Even as the Kiev authorities declared help was on the way for “Middle East, Africa and Asia,” none of the grain ships that have departed Ukrainian ports by Tuesday are headed for African countries most at risk of starvation, according to the New York Times. Meanwhile, the first ship to leave under the “grain corridor” arrangement saw its cargo rejected by the buyers in Lebanon, who cited the delivery delay.
Since the arrangement went into effect on August 1, ten ships have left Ukrainian ports, carrying mainly animal feed to their destinations. One is headed to England, another to Ireland, while several are on their way to Turkey, Italy and China. None of them are bound for Yemen, Somalia, or other countries facing “catastrophic levels of hunger,” the Times reported on Tuesday.
The first ship to reach its destination was the Turkish-flagged Polarnet, which docked in Derince on Monday with 12,000 tons of corn. Celebrating its arrival, Ukraine’s Foreign Minister Dmitry Kuleba said that it “sends a message of hope to every family in the Middle East, Africa, and Asia,” adding, “Ukraine won’t abandon you.”
Meanwhile, President Vladimir Zelensky told his counterpart Mokgweetsi Masisi of Botswana on Monday that Ukraine was “ready to continue being the guarantor of world food security.”
However, most of the 20 million tons of grain held up in Ukrainian ports for the past several months is animal feed and not intended for human consumption, according to experts quoted by AP.
The first ship to leave Ukraine under the “grain corridor” arrangement carried 26,000 metric tons of chicken feed, destined for Lebanon. The Sierra Leone-flagged freighter Razoni sailed out of Odessa on August 1 to much fanfare – only to be turned back from Beirut on Monday, after the Lebanese buyer refused to accept the shipment as several months too late.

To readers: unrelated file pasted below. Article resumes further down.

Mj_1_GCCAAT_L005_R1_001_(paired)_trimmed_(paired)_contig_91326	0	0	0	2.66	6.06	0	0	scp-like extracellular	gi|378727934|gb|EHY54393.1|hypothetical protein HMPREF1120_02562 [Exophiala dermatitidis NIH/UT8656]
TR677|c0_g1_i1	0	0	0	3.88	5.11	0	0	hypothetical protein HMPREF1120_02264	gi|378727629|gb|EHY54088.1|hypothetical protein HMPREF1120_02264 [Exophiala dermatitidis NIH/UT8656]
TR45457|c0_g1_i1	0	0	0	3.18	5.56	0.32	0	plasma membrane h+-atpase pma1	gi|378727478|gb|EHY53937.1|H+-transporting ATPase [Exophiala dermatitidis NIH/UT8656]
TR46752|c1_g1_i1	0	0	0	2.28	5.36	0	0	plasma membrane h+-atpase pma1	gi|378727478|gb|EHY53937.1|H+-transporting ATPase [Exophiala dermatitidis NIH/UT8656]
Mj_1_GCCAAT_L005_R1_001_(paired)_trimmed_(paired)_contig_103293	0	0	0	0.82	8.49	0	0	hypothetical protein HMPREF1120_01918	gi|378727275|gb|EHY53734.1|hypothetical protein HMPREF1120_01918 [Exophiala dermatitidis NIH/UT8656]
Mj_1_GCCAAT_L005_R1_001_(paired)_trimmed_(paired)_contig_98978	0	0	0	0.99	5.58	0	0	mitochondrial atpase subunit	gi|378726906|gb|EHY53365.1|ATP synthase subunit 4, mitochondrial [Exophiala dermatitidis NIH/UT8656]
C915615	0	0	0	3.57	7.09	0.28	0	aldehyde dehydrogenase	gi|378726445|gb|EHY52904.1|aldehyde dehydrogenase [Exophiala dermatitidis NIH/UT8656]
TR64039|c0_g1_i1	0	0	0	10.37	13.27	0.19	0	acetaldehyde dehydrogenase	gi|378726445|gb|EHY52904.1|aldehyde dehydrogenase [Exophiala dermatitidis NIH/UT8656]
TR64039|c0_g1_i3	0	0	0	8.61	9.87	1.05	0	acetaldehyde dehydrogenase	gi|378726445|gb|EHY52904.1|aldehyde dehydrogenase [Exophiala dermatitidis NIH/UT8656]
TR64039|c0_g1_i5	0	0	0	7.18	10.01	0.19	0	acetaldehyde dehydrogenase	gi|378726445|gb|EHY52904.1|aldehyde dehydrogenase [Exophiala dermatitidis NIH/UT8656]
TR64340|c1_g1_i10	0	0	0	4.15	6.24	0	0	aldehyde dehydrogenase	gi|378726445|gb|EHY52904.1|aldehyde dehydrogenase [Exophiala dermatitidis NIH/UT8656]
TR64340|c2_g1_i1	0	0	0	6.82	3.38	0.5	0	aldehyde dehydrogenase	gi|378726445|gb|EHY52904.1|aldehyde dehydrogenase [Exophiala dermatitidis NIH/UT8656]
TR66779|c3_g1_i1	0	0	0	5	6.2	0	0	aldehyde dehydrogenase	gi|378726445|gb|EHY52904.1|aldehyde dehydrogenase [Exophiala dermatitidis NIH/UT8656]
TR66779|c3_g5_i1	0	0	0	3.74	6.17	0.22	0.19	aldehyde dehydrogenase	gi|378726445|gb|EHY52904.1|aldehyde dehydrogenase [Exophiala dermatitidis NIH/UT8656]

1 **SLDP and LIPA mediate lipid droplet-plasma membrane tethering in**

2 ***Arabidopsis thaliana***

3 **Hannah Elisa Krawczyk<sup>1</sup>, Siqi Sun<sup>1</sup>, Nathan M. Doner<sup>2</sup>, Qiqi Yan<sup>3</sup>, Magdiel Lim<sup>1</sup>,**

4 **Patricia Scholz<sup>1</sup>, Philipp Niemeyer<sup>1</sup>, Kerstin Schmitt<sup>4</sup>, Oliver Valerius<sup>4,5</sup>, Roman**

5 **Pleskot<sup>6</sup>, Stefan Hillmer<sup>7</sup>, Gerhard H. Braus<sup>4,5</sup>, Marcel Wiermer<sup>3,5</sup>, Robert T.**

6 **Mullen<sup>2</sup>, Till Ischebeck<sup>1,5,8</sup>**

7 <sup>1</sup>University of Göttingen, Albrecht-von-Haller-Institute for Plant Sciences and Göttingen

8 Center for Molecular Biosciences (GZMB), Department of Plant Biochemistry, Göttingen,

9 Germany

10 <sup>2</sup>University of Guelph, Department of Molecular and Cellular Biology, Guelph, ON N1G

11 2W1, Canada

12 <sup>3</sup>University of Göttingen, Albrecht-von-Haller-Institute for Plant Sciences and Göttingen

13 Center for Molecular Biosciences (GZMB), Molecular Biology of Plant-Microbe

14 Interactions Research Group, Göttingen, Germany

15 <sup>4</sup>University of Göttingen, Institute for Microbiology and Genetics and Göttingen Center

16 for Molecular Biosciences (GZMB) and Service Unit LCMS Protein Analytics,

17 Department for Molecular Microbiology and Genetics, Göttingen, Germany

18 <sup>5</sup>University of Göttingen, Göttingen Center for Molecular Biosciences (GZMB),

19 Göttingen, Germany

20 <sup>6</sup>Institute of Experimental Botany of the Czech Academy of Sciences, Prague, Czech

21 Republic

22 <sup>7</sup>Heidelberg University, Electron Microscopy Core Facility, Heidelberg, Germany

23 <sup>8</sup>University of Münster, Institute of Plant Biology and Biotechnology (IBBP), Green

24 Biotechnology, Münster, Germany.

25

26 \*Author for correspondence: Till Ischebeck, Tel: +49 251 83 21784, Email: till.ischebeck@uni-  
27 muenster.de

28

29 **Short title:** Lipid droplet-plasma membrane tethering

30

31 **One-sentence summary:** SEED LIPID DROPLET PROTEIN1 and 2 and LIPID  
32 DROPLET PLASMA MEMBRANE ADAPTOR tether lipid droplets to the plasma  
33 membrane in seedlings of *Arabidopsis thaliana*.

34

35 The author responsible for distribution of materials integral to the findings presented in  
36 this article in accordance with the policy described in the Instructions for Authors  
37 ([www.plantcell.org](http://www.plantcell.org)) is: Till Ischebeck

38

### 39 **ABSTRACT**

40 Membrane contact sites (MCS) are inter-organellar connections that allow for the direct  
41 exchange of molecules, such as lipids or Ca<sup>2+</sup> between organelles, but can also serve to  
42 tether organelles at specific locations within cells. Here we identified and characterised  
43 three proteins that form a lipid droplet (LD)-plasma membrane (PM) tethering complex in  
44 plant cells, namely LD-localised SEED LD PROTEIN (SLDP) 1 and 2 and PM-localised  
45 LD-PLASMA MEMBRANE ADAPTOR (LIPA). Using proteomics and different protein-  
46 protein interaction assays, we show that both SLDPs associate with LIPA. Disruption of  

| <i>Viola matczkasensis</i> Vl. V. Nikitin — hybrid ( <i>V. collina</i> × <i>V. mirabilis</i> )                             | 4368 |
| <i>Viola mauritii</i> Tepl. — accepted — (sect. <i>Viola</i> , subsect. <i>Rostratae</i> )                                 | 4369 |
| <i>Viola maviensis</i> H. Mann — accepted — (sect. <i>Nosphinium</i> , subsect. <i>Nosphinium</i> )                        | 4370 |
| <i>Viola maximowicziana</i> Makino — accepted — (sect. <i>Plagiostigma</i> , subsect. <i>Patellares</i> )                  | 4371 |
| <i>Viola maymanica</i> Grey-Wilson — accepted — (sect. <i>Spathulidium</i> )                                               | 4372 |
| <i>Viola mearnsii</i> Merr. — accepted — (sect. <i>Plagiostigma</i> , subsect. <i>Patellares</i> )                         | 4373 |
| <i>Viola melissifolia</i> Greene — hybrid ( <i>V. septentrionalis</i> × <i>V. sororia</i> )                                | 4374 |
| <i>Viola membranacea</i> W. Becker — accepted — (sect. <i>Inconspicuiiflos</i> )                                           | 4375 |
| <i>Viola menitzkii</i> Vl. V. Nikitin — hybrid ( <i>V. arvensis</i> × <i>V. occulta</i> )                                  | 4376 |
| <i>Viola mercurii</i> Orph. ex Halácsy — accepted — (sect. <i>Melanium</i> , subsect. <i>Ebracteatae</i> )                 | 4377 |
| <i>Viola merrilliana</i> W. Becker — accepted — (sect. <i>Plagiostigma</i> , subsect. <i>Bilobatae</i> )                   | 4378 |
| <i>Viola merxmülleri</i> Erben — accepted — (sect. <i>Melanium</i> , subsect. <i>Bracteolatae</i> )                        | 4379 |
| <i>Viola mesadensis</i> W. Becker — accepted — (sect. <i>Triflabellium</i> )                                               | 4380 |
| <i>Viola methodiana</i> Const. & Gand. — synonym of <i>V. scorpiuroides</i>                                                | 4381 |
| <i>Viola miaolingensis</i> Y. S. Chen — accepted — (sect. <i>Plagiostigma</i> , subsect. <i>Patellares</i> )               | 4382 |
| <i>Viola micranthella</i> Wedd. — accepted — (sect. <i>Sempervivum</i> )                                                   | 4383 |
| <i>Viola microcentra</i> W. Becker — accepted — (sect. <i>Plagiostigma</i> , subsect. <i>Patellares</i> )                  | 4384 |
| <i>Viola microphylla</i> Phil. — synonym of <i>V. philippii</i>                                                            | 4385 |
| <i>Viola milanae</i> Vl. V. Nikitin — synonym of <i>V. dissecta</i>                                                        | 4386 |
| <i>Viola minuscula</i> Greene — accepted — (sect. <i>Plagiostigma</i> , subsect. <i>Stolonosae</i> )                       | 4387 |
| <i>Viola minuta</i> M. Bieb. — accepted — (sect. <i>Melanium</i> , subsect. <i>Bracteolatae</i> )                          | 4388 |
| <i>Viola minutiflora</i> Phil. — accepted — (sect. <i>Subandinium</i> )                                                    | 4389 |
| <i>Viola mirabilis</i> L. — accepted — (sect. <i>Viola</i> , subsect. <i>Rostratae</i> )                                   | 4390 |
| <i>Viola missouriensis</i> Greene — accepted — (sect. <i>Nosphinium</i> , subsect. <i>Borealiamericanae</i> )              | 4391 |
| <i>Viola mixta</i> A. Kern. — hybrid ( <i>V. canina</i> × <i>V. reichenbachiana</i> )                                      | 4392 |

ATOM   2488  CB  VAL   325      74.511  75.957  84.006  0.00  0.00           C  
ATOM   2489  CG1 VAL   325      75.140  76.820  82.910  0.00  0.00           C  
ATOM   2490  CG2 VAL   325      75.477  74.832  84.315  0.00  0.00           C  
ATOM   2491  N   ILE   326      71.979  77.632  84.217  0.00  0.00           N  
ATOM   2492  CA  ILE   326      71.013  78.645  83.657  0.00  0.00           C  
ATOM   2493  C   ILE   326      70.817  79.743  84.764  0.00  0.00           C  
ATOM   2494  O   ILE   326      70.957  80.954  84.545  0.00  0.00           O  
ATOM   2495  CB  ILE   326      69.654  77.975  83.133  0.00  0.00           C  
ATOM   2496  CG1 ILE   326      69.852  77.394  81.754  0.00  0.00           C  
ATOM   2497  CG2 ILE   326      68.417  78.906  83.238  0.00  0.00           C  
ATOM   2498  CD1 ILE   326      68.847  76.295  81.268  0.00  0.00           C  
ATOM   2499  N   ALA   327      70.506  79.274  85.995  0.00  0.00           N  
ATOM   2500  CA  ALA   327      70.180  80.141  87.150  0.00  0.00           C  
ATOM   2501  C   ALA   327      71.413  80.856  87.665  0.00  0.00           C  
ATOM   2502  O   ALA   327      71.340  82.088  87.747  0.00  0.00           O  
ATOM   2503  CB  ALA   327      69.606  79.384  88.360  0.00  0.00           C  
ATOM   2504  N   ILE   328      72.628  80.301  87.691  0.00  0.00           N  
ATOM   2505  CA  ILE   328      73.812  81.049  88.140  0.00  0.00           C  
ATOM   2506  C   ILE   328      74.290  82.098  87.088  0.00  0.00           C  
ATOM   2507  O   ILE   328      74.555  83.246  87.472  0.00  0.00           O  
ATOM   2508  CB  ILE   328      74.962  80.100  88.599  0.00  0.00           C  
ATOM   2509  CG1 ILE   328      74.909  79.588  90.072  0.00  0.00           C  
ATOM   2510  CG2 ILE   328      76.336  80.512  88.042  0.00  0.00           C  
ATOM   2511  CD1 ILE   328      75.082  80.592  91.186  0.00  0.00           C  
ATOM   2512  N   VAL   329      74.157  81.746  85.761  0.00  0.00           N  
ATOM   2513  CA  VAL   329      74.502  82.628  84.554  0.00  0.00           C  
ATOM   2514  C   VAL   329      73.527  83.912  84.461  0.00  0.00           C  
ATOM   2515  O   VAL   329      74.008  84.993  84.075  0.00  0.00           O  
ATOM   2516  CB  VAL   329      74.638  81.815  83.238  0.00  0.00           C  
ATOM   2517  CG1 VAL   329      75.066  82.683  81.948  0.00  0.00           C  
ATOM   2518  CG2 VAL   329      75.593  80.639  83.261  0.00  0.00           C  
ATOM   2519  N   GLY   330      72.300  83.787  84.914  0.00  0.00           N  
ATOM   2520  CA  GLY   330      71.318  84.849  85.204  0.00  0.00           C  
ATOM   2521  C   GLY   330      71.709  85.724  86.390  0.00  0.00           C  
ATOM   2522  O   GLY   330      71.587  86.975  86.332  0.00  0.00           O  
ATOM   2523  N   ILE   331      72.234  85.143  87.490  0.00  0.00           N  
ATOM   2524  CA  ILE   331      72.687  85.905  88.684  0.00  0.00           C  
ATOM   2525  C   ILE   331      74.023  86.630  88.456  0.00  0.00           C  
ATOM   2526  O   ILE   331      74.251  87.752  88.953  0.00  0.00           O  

Ukraine accounts for about 5% of the world’s grain exports, while Russia’s share is four times that much. Kiev accused Russia of “blockading” its ports, while Moscow pointed out it was the Ukrainian military that mined the sea lanes.
Eventually, the UN and Turkey mediated a deal to arrange safe passage to ships coming and going to Ukrainian ports. The outbound vessels are inspected to ensure they are carrying grain, fertilizer and food, while the incoming ships are checked for weapons.
The deal was also supposed to address Western sanctions against Russian shipping, which effectively prevent Moscow from delivering food, fertilizer and other goods to customers in Africa and South America. In an op-ed published last month in several major African outlets, Russian Foreign Minister Sergey Lavrov vowed that Moscow was “taking all measures” to ensure the delivery of contractually promised supplies.